Hank Greely and Jake Sherkow discuss the science, morals, and ethics of de-extinction: bringing extinct species back to life. As lawyers with an interest in biotechnologies, Hank and Jake explain how they first got involved with de-extinciton, how scientists propose to bring species back, and discuss the potential for de-extinction technology to help restore damaged ecosystems. While discussing some potential side effects of this new process, Hank and Jake recall how a man obsessed with William Shakespeare transformed the ecosystem of New England, and how de-extinction might do the same.
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Hank Greely (BA ’74) specializes in the ethical, legal, and social implications of new biomedical technologies, particularly those related to neuroscience, genetics, or stem cell research. He frequently serves as an advisor on California, national, and international policy issues. He is chair of California’s Human Stem Cell Research Advisory Committee and served from 2007-2010 as co-director of the Law and Neuroscience Project, funded by the MacArthur Foundation. Active in university leadership, Professor Greely chairs the steering committee for the Stanford Center for Biomedical Ethics and directs both the law school’s Center for Law and the Biosciences and the Stanford Interdisciplinary Group on Neuroscience and Society. In 2007 Professor Greely was elected a fellow of the American Association for the Advancement of Science. Greely is also a professor (by courtesy) of genetics at Stanford School of Medicine.
Jacob S. Sherkow
Jacob S. Sherkow is a Fellow at Stanford Law School’s Center for Law and the Biosciences. Jake’s current research focuses on the intersection of patent law, biotechnology, and agency regulation. His legal scholarship has appeared or is forthcoming in the Michigan Law Review, the Iowa Law Review, the BYU Law Review, the Michigan Telecommunications & Technology Law Review, and the Yale Law Journal Online, while his science scholarship has appeared in Science, Nature Biotechnology, and PLoS ONE. In addition, Jake is the author of popular pieces in the New York Times, the Los Angeles Times, the Baltimore Sun, the Houston Chronicle, and the Cleveland Plain-Dealer. In addition to his legal training, Jake has several years of experience as a research scientist in molecular biology. He has held scientific research positions at Columbia University, the University of Edinburgh, McGill University, the Montreal General Hospital, the Montreal Neurological Institute, and Mount Sinai Medical Center.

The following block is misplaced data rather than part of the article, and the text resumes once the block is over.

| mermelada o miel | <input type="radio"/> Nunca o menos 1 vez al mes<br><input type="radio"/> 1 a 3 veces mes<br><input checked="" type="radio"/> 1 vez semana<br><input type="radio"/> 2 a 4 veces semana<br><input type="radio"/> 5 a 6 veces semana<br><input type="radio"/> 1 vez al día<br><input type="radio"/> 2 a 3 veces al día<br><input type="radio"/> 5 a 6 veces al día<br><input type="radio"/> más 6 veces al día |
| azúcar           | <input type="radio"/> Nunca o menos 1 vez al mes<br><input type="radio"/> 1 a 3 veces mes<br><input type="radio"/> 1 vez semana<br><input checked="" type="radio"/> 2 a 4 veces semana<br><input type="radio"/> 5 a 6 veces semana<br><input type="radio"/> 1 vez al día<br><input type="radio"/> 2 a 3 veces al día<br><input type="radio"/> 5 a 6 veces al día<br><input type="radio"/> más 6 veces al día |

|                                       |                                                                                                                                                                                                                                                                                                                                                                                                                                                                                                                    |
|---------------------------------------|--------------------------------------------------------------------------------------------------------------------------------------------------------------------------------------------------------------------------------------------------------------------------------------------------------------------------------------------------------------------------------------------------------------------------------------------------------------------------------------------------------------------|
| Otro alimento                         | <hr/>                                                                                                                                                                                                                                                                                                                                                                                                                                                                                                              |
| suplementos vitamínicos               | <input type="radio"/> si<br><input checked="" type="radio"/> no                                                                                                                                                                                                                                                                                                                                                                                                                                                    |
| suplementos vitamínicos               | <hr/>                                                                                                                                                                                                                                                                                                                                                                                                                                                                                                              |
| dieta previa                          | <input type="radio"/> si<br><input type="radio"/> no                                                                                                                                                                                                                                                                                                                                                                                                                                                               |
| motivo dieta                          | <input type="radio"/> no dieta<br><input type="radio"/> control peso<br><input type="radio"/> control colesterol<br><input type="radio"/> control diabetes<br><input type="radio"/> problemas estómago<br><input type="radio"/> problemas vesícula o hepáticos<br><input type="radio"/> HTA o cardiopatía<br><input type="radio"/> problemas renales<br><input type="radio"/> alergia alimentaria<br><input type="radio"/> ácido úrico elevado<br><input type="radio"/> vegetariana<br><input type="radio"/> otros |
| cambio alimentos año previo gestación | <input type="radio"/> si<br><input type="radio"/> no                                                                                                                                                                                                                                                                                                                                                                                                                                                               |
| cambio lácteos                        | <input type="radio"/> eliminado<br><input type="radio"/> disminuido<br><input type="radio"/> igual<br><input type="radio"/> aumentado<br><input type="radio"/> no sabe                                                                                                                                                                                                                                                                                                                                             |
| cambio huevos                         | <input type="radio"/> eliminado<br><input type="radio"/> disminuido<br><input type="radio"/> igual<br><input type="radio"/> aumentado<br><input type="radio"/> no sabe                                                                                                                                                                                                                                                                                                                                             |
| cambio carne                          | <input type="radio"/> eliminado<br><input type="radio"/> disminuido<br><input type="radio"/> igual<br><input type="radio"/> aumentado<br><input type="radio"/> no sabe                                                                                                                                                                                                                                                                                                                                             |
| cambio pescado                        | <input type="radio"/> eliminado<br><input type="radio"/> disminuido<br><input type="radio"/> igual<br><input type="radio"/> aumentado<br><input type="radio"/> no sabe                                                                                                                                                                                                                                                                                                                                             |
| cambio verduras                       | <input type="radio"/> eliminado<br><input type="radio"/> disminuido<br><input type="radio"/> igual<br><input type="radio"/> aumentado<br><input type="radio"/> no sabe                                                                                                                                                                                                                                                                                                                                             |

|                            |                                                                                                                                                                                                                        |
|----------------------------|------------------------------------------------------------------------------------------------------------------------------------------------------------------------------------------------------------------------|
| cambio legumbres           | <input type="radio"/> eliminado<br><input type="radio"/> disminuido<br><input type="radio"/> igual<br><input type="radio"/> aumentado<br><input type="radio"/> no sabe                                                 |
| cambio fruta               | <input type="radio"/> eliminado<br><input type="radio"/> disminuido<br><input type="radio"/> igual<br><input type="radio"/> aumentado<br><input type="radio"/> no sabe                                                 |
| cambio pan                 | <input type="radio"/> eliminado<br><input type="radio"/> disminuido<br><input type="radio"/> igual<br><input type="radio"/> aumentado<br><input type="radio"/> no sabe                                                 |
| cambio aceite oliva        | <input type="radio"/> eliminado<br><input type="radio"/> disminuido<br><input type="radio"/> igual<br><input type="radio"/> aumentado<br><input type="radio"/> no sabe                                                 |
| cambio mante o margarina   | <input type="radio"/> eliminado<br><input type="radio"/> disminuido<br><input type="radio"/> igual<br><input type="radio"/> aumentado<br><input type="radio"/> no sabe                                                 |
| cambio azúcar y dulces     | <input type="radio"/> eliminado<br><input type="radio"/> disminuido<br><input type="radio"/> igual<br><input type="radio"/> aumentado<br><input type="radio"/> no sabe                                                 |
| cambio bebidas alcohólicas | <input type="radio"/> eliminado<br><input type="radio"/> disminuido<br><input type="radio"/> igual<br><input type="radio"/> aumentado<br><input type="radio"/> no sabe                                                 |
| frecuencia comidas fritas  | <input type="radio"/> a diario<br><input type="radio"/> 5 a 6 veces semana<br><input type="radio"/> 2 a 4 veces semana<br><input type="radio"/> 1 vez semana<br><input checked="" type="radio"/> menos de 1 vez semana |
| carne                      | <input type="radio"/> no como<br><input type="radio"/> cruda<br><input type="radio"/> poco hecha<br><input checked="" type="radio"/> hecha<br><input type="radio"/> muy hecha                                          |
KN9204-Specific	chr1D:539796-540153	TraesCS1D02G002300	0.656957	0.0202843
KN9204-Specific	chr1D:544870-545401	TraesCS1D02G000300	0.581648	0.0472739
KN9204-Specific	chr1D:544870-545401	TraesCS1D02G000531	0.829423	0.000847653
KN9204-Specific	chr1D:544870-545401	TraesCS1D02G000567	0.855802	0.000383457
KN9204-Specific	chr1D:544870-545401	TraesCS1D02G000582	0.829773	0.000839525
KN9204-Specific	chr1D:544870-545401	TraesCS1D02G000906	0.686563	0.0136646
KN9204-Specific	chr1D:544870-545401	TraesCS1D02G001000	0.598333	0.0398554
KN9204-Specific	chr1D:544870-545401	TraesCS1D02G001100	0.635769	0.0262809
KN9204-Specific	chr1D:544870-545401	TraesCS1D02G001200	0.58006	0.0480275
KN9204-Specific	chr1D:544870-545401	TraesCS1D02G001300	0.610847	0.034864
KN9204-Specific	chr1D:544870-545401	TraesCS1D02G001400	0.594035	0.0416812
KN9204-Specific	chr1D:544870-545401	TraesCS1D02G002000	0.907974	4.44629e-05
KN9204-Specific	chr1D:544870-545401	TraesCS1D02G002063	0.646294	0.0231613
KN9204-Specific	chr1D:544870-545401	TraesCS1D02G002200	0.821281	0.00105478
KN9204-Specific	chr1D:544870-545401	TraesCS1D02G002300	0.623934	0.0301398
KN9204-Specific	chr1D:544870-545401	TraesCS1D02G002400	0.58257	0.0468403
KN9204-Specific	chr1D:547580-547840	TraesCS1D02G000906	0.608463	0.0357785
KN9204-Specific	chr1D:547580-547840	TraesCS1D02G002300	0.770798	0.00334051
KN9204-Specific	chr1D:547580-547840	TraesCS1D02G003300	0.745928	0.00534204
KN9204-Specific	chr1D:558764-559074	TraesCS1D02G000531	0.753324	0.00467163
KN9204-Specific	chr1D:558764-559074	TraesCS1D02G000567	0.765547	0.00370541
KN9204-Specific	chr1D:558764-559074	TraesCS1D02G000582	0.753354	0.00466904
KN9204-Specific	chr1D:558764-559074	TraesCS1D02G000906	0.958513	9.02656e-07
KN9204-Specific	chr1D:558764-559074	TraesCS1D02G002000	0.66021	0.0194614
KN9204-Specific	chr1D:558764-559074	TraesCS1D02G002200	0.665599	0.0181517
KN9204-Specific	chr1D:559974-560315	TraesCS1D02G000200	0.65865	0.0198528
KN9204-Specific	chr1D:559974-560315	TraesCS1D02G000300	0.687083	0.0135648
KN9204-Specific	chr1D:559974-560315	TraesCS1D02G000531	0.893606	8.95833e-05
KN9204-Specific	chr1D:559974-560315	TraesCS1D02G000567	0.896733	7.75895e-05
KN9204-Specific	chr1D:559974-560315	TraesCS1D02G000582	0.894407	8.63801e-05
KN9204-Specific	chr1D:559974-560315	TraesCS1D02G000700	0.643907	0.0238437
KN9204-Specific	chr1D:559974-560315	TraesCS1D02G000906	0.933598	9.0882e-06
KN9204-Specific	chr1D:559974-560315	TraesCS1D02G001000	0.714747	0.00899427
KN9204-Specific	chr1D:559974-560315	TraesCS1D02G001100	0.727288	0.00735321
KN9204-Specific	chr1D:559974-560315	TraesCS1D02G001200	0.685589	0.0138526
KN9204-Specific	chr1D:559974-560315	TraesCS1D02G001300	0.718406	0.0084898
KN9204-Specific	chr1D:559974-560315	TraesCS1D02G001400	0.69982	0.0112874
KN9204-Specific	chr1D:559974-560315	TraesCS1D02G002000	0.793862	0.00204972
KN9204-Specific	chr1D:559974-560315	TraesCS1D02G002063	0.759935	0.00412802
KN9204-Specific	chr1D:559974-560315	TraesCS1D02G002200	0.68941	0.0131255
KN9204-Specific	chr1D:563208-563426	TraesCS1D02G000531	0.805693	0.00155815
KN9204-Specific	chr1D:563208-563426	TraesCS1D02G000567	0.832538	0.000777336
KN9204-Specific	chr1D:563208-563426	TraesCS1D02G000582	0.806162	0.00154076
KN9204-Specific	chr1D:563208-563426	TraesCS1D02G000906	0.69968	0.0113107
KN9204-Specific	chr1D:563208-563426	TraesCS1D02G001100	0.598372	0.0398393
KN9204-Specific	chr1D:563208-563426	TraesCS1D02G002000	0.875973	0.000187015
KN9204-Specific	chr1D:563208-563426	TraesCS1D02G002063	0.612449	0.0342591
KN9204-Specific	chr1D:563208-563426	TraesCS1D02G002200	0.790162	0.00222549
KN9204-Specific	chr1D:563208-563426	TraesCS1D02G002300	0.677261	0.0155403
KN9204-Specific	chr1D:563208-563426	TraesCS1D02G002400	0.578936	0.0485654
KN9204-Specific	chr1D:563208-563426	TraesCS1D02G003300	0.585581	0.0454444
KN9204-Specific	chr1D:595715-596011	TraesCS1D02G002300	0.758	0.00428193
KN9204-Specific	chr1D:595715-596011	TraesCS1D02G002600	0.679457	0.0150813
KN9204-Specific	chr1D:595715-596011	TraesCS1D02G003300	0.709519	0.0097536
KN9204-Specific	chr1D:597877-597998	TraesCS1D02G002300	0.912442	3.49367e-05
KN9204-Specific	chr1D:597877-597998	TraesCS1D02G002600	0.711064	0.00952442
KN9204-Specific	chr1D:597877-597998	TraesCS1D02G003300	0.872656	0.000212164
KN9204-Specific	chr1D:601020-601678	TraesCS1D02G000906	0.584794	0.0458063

Miles Traer began his academic career at UC Berkeley with a double major in Geophysics and Art History. He is currently a fifth-year PhD student in the Tectonic Geomorphology Lab modeling the evolution of the seafloor. Miles was first turned on to podcasts in 2007 and quickly became an avid consumer. Some of his favorites include The BS Report, the StarTalk Radio podcast, In Our Time with Melvyn Bragg, The Nerdist, and WTF with Marc Maron. In addition to his work as a scientist, Miles works as a part-time artist, contributing the art of this website including the portraits found on each interview’s page (drawn by hand). When he’s not working on science or this podcast, you can generally find him cooking cajun gumbo and listening to blues.